Separate from straightforward lies, and/or altering of policy to the point where any statements they make seem very unreliable, there is plenty of degrees of freedom of "what counts as alignment." They are already defining alignment in a way that is pretty much synonymous with short-term capabilities. I think the plan of "iterate on 'alignment' with nearterm systems as best you can to learn and prepare" is not necessarily a crazy plan. There are people I respect who endorse it, who previously defended it as an OpenAI approach, although notably most of those people have now left OpenAI (sometimes still working on similar plans at other orgs).

But, it's very hard to tell the difference from the outside between:

  • "iterating on nearterm systems, contributing to AI race dynamics in the process, in a way that has a decent chance of teaching you skills that will be relevant for aligning superintelligences"
  • "iterating on nearterm systems, in a way that you think/hope will teach you skills for navigating superintelligence... but, you're wrong about how much you're learning, and whether it's net positive"
  • "iterating on nearterm systems, and calling it alignment because it makes for better PR, but not even really believing that it's particularly necessary to navigate superintelligence.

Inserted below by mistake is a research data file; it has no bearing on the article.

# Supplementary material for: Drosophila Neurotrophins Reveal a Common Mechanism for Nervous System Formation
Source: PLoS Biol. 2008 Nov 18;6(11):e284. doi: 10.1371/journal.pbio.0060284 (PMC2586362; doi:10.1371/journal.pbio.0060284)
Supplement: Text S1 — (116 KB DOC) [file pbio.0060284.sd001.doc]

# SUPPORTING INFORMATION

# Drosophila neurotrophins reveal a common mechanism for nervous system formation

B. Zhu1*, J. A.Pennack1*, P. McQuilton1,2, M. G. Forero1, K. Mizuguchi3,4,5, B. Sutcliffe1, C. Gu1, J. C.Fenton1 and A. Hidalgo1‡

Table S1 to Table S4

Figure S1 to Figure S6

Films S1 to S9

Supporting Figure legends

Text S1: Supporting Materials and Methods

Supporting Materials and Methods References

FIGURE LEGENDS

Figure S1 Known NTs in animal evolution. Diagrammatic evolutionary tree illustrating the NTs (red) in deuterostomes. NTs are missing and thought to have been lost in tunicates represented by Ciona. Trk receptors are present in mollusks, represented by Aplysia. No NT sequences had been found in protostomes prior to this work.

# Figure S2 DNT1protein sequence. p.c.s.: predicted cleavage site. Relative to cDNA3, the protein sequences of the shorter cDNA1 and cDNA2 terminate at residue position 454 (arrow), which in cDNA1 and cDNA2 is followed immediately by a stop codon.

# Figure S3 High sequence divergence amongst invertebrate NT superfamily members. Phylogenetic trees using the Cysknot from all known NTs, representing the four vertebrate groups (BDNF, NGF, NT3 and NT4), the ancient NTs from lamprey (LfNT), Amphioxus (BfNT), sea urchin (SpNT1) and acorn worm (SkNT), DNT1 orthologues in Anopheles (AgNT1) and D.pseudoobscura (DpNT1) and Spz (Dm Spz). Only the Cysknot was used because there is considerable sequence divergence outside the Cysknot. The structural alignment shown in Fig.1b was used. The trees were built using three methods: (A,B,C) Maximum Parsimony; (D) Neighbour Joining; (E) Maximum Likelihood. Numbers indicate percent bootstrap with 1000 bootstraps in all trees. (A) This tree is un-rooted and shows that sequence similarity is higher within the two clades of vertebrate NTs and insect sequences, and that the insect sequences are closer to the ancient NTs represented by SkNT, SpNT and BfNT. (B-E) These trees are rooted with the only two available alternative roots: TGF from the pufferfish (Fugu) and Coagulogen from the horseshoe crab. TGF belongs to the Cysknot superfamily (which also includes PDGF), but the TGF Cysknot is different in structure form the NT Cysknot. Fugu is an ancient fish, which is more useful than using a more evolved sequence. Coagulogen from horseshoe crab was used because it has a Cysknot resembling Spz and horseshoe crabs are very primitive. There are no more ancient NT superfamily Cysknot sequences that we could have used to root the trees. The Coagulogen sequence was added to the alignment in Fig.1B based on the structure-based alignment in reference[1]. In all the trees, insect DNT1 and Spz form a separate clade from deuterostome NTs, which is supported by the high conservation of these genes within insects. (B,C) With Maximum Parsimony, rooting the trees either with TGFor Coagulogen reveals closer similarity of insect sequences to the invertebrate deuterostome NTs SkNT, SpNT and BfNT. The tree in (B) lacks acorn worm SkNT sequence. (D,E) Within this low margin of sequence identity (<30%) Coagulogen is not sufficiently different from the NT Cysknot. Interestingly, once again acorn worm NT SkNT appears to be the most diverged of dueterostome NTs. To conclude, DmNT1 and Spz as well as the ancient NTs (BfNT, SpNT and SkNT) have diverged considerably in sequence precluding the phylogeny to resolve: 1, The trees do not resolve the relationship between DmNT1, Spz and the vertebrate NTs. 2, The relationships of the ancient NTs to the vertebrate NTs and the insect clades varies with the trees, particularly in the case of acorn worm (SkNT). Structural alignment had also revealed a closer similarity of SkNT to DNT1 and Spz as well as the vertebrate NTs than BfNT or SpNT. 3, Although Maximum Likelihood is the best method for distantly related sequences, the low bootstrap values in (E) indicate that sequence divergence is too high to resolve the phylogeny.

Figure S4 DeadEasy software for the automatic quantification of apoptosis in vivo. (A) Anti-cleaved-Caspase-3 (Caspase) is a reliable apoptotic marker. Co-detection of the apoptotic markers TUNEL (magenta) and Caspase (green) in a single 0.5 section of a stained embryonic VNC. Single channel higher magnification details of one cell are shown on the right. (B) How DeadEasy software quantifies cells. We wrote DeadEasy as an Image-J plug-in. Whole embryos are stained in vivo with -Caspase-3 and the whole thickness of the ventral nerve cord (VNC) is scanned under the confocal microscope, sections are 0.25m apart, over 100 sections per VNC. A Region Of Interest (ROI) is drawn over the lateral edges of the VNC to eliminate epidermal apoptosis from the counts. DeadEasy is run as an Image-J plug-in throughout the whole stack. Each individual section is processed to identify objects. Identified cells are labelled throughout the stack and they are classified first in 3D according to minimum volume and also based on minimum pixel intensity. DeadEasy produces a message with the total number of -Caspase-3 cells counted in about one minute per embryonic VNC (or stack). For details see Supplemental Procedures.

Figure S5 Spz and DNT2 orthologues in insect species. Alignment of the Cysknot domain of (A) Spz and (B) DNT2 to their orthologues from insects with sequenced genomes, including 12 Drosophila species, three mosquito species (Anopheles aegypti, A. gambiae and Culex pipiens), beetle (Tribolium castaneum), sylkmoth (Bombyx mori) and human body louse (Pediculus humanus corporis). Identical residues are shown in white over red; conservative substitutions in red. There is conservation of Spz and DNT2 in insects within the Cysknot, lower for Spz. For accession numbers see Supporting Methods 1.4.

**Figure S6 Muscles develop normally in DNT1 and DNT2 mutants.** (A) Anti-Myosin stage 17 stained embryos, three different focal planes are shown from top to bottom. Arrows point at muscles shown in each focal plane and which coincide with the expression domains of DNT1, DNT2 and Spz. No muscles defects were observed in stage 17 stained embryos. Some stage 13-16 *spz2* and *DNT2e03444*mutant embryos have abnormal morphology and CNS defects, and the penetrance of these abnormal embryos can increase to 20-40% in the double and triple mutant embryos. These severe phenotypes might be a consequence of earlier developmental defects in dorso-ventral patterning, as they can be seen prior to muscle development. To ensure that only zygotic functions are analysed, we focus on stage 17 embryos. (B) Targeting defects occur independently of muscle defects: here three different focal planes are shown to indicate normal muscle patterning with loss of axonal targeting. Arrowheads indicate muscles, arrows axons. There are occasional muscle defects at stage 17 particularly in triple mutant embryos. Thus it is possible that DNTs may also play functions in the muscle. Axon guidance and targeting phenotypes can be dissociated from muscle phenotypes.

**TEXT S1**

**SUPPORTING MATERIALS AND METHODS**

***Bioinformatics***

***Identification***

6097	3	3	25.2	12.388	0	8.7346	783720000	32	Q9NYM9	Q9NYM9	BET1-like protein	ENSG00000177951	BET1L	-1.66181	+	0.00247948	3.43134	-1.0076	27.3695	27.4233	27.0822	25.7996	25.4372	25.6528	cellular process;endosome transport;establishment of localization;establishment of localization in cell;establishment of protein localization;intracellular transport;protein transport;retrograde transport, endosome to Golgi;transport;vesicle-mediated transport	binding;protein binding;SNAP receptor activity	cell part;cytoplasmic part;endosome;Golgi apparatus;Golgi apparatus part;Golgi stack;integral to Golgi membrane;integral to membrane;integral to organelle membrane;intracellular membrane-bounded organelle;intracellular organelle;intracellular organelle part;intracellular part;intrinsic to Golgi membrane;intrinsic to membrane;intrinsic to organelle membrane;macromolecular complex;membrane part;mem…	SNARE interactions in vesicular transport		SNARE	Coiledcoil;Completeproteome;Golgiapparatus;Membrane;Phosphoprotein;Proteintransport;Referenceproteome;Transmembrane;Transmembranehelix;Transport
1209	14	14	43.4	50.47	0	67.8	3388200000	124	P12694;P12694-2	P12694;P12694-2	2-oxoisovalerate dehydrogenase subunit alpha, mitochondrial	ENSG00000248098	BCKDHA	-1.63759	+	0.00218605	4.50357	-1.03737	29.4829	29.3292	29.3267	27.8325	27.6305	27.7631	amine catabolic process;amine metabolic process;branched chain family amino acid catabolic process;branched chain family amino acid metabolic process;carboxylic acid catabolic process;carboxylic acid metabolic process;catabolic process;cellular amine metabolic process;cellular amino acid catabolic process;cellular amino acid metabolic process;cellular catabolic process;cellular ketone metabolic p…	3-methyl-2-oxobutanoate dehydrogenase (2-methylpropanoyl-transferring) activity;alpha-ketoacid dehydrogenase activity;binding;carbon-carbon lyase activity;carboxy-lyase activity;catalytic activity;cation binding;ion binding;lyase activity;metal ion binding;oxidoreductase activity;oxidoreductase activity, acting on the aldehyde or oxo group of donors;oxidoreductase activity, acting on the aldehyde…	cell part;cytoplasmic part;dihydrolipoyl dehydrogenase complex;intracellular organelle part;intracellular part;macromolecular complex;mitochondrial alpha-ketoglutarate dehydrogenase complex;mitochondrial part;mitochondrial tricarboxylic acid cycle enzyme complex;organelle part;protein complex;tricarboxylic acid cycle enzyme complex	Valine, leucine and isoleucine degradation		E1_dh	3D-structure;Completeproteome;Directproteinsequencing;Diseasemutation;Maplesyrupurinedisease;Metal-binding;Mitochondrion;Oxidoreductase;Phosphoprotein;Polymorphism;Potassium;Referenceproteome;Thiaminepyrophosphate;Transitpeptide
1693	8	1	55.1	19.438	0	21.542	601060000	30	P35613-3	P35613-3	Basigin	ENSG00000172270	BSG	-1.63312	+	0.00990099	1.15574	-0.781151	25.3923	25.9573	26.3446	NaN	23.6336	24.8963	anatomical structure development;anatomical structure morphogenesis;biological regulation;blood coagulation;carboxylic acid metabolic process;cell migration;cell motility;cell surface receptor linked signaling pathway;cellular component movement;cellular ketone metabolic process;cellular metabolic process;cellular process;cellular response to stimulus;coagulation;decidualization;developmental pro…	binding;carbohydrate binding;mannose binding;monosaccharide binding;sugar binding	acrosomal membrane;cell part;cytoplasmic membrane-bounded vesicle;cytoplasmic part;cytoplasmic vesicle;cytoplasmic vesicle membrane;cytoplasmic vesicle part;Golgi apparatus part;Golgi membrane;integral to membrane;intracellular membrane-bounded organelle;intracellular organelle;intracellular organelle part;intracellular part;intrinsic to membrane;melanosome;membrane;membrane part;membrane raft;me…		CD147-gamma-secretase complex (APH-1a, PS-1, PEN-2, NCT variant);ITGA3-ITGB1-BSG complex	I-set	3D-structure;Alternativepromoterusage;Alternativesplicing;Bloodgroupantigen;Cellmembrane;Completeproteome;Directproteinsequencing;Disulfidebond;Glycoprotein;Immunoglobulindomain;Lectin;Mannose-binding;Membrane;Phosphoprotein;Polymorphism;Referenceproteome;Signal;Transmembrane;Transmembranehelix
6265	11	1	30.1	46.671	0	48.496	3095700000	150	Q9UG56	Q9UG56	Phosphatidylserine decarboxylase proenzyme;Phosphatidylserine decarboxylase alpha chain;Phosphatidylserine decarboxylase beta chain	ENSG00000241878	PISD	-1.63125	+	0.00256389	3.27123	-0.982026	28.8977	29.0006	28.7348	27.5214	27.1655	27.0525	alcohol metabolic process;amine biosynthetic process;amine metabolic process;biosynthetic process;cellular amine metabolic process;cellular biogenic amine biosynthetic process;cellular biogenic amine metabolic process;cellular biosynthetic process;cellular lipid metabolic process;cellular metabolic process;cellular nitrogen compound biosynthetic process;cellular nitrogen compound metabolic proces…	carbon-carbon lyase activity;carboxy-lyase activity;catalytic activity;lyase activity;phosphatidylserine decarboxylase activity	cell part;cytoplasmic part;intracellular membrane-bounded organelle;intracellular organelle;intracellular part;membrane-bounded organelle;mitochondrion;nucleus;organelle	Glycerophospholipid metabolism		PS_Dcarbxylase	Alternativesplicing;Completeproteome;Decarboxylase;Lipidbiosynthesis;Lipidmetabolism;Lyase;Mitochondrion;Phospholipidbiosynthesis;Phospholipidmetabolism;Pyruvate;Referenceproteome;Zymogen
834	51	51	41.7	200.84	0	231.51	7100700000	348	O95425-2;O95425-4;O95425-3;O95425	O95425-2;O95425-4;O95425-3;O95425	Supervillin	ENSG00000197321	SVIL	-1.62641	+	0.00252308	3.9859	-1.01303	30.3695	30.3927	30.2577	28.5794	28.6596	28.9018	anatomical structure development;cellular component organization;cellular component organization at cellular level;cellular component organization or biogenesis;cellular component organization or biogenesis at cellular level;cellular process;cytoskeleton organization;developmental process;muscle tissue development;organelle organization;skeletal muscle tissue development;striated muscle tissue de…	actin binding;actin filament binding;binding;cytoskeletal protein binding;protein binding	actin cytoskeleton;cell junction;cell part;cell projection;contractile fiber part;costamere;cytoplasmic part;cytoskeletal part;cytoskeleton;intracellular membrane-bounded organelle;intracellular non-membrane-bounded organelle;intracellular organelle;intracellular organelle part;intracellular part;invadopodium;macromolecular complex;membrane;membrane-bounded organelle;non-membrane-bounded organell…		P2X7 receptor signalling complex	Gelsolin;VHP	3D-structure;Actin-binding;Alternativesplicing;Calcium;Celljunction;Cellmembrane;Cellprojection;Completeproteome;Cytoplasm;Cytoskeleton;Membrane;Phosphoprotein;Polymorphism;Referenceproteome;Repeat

When recommending jobs for organizations that are potentially causing great harm, I think 80k has a responsibility to actually form good opinions on whether the job makes sense, independent on what the organization says it's about. 

You don't just need to model whether OpenAI is intentionally lying, you also need to model whether they are phrasing things ambiguously, and you need to model whether they are self-decelving about whether these roles are legitimate alignment work, or valuable enough work to outweigh the risks. And, you need to model that they might just be wrong and incompetent at longterm alignment development (or: "insufficiently competent to outweigh risks and downsides"), even if their heart were in the right place. 

I am very worried that this isn't already something you have explicit models about.

Thanks. This still seems pretty insufficient to me, but, it's at least an improvement and I appreciate you making some changes here.

Yeah same. (although, this focuses entirely on their harm as an AI organization, and not manipulative practices)

I think it leaves the question "what actually is the above-the-fold-summary" (which'd be some kind of short tag).

I think EAs vary wildly. I think most EAs do not have those skills – I think it is a very difficult skill. Merely caring about the world is not enough.